For reasons (all good) which are too mundane to explain here, I’ve seen more professional baseball games live in the past week than I normally do in an entire year: three major league tilts between the Baltimore Orioles and the Pittsburgh Pirates, and one minor league contest between the Harrisburg Senators and the Erie Seawolves. And those games reveal that I appear to have acquired an inexplicable and unexpected superpower of sorts. Evidently, my presence at a game dramatically improves the odds that some player will hit for the cycle that day.
For non-baseball people, “hitting for the cycle” means that an individual player has at least one of each of the four possible kinds of hits — a single, a double, a triple, and a home run — during a single game. It’s a relatively rare feat. Simply getting four hits — of any sort — in a single game is an impressive feat, since a player will typically only get four or five turns at bat in any give game, and an average hitter could reasonably be expected (statistically speaking) to only get one hit during a typical game. Spreading those four hits out across the full range of options isn’t something most (any?) hitters can actively aim to do, and so the odds of any given player hitting for the cycle in any given game are very long indeed. (FanGraphs has a lengthy analysis of just how unlikely hitting for the cycle is that suggests an average hitter would manage it roughly once every 23,000 times they came to bat.)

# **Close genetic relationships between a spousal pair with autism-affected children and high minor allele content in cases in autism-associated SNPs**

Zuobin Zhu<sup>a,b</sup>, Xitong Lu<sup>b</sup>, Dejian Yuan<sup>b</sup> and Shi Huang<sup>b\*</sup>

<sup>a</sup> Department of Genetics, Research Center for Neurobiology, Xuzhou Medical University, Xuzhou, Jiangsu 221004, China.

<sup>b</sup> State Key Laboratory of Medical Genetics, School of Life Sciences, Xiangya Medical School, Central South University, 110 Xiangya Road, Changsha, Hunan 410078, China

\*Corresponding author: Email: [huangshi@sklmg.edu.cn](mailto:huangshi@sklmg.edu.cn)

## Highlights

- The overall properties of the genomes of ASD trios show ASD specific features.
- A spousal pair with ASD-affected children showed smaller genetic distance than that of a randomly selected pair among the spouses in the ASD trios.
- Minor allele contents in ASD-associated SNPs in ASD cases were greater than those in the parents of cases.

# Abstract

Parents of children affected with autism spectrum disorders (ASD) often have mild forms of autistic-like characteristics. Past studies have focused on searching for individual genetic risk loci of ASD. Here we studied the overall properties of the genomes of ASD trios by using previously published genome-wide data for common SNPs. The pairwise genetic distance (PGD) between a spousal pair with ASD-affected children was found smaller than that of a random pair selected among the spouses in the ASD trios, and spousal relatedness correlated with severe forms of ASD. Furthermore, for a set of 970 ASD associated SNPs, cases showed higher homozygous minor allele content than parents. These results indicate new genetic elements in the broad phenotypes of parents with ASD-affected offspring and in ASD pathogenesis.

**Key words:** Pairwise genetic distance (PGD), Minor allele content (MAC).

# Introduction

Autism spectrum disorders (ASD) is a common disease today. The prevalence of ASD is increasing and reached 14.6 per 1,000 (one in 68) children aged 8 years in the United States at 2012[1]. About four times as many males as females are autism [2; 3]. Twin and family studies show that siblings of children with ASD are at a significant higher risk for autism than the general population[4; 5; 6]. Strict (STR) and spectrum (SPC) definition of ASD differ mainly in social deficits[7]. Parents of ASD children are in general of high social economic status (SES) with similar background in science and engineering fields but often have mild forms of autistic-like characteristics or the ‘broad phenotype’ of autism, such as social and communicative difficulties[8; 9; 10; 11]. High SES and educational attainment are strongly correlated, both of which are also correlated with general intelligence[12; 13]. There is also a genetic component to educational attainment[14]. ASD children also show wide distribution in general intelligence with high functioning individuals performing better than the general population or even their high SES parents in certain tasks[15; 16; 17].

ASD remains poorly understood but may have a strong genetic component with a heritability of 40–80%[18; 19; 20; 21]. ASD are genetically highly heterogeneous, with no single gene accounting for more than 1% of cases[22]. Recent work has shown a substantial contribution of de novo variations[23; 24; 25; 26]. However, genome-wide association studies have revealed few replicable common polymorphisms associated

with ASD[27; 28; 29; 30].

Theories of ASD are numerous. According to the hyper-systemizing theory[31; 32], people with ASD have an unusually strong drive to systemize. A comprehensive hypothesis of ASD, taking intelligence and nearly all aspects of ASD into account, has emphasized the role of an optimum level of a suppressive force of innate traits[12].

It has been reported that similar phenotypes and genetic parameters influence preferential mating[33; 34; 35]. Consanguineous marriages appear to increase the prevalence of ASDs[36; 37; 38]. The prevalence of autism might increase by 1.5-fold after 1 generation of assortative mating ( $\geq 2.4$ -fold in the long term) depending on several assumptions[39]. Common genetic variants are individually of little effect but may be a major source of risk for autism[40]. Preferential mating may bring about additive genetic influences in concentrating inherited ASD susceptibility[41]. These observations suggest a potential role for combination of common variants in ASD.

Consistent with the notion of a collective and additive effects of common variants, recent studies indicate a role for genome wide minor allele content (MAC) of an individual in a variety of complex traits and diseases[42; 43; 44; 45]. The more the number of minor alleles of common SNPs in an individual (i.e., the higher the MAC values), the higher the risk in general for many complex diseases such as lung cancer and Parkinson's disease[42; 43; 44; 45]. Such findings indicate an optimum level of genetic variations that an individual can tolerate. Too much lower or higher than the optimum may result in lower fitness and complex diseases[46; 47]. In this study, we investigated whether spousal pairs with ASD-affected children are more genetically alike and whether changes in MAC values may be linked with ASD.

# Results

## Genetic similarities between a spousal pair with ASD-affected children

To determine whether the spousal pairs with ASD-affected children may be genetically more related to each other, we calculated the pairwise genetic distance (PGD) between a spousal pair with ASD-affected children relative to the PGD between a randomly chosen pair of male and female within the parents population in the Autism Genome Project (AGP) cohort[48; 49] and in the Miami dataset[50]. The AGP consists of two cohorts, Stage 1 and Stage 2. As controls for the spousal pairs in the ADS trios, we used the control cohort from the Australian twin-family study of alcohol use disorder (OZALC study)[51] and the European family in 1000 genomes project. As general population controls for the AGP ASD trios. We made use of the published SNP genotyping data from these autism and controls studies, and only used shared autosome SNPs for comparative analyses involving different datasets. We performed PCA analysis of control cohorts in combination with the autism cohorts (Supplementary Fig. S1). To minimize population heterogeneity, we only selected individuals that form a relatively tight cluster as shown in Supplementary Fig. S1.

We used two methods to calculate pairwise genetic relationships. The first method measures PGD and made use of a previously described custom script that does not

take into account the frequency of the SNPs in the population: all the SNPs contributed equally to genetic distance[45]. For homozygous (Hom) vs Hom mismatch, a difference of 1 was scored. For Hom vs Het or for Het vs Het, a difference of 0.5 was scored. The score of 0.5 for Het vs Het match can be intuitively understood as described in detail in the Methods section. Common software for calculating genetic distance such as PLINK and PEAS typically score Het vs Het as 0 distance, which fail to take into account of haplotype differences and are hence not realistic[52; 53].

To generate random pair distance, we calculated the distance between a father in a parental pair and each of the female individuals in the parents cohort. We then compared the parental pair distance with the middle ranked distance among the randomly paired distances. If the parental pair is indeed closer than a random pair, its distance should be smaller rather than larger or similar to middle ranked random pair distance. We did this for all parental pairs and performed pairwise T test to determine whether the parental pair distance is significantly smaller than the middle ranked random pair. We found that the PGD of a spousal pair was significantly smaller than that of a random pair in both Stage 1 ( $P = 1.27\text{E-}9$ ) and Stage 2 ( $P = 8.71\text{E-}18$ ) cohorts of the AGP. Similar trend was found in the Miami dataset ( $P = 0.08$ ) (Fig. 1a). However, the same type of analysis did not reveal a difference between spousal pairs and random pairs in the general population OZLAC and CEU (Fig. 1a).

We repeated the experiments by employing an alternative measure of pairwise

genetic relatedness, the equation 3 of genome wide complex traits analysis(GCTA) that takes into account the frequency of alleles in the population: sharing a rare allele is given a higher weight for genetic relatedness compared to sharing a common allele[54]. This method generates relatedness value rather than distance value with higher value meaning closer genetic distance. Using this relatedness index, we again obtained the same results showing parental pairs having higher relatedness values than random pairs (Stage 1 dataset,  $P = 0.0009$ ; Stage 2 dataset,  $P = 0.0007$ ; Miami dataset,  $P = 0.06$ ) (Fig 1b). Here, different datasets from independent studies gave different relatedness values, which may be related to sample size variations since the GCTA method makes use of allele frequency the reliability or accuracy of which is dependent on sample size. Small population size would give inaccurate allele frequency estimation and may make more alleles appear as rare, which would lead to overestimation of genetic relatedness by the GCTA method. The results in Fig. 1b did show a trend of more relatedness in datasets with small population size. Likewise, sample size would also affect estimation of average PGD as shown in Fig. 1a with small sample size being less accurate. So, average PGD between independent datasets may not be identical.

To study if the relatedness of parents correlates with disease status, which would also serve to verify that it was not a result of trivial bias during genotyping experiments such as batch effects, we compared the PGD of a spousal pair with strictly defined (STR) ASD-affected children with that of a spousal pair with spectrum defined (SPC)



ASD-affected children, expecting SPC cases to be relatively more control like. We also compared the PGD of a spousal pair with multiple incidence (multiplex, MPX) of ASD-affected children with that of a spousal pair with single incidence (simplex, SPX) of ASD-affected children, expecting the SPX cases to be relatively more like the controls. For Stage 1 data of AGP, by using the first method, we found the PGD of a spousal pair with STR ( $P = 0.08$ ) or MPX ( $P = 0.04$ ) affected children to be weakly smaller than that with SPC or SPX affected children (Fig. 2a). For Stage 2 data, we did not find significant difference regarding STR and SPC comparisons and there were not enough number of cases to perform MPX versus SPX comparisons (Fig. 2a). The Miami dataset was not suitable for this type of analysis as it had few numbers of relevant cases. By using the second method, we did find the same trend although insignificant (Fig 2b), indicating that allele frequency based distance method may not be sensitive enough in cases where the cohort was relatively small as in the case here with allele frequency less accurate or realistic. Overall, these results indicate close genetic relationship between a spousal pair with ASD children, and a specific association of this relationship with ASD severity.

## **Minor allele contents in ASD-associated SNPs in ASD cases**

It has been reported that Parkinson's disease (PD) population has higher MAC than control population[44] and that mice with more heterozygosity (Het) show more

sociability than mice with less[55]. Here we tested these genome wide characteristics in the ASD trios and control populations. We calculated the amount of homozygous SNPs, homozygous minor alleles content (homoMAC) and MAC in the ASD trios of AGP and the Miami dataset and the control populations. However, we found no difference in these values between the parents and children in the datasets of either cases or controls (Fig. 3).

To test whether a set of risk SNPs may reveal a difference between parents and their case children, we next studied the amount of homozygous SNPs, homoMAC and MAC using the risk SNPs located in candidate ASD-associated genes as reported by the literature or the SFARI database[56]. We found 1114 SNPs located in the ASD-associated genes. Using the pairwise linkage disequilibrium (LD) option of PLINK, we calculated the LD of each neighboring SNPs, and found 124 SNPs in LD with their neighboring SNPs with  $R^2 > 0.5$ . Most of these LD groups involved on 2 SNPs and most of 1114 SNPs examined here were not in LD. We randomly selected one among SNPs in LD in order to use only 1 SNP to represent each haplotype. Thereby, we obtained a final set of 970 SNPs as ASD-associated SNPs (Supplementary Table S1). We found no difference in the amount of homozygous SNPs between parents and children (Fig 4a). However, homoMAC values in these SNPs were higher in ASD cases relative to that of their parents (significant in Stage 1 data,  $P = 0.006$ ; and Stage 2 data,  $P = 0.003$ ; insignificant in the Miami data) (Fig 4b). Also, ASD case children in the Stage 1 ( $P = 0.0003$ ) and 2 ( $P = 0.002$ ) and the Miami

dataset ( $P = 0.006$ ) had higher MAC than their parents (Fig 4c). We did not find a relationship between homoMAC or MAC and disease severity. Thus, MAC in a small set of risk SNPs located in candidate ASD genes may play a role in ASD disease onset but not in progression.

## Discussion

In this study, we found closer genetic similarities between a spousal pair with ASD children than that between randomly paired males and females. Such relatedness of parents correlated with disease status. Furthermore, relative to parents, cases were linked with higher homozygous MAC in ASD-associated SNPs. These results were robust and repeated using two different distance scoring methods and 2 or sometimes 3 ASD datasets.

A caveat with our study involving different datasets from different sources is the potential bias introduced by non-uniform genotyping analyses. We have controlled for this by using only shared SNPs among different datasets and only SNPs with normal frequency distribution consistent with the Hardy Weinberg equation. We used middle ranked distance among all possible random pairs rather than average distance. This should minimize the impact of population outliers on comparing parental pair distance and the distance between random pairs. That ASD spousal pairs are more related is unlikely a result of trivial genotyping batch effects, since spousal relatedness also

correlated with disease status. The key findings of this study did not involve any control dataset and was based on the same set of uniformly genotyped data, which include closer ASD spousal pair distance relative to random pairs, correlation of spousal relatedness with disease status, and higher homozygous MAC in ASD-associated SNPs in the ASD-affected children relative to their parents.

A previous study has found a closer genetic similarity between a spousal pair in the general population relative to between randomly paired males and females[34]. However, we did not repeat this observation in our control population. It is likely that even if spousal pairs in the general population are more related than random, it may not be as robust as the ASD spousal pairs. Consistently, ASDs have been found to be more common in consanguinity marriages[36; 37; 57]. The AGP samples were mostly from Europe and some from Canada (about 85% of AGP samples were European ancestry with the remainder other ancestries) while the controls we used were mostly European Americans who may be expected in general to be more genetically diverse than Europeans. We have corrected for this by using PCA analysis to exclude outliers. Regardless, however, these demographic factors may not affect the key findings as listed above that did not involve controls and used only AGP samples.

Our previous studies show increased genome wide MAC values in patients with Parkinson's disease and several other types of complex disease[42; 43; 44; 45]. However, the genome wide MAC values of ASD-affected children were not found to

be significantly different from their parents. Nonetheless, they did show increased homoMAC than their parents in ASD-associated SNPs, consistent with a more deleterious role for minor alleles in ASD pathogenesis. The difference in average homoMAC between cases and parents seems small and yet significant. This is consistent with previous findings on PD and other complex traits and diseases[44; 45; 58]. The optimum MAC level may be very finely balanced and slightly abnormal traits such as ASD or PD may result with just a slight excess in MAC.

Last Friday, I was in Camden Yards when Cedric Mullins hit for the cycle — which made me extra happy, since he plays for my favorite team, and his hits played a major role in helping them win that night. Five nights later, courtesy of my good friend Greg Seigworth, I was in Harrisburg, PA, when Colt Keith hit for the cycle for the Seawolves (with two extra hits, for good measure). Using FanGraph’s numbers, I should have needed to attend roughly 4000 games to see two different players hit for the cycle. In a normal major league season, a team will play only 81 home games each year. So it would take roughly 50 years of full-time commitment to baseball (assuming I didn’t “cheat” with out-of-town games or minor league games) in order to witness two cycles in person.
I just did it in less than a week.
And so I am hereby offering up my services to any professional baseball team in the US or Canada: pay me a full-time salary, and I will attend all your home games. If you pay for my travel expenses, I’ll even attend some of your away games. Obviously, I cannot guarantee that my newfound superpower will only work for your team — I didn’t have a personal stake in the Harrisburg/Erie game, but I was willing to root for the home team . . . who were on the wrong end of the cycle I witnessed — but the long-terms odds are clearly in your favor. 50% of the games I attend have cycles! 50% of those games have cycles for the home team! I don’t know your team’s batting stats, but I can guarantee you that they do not include a cycle every other game — or even every other season. My rates are negotiable, but fair. My salary won’t even be close to what you’re paying for a second baseman who’s (currently) hitting only .201 and not really making up for that with his defensive skills.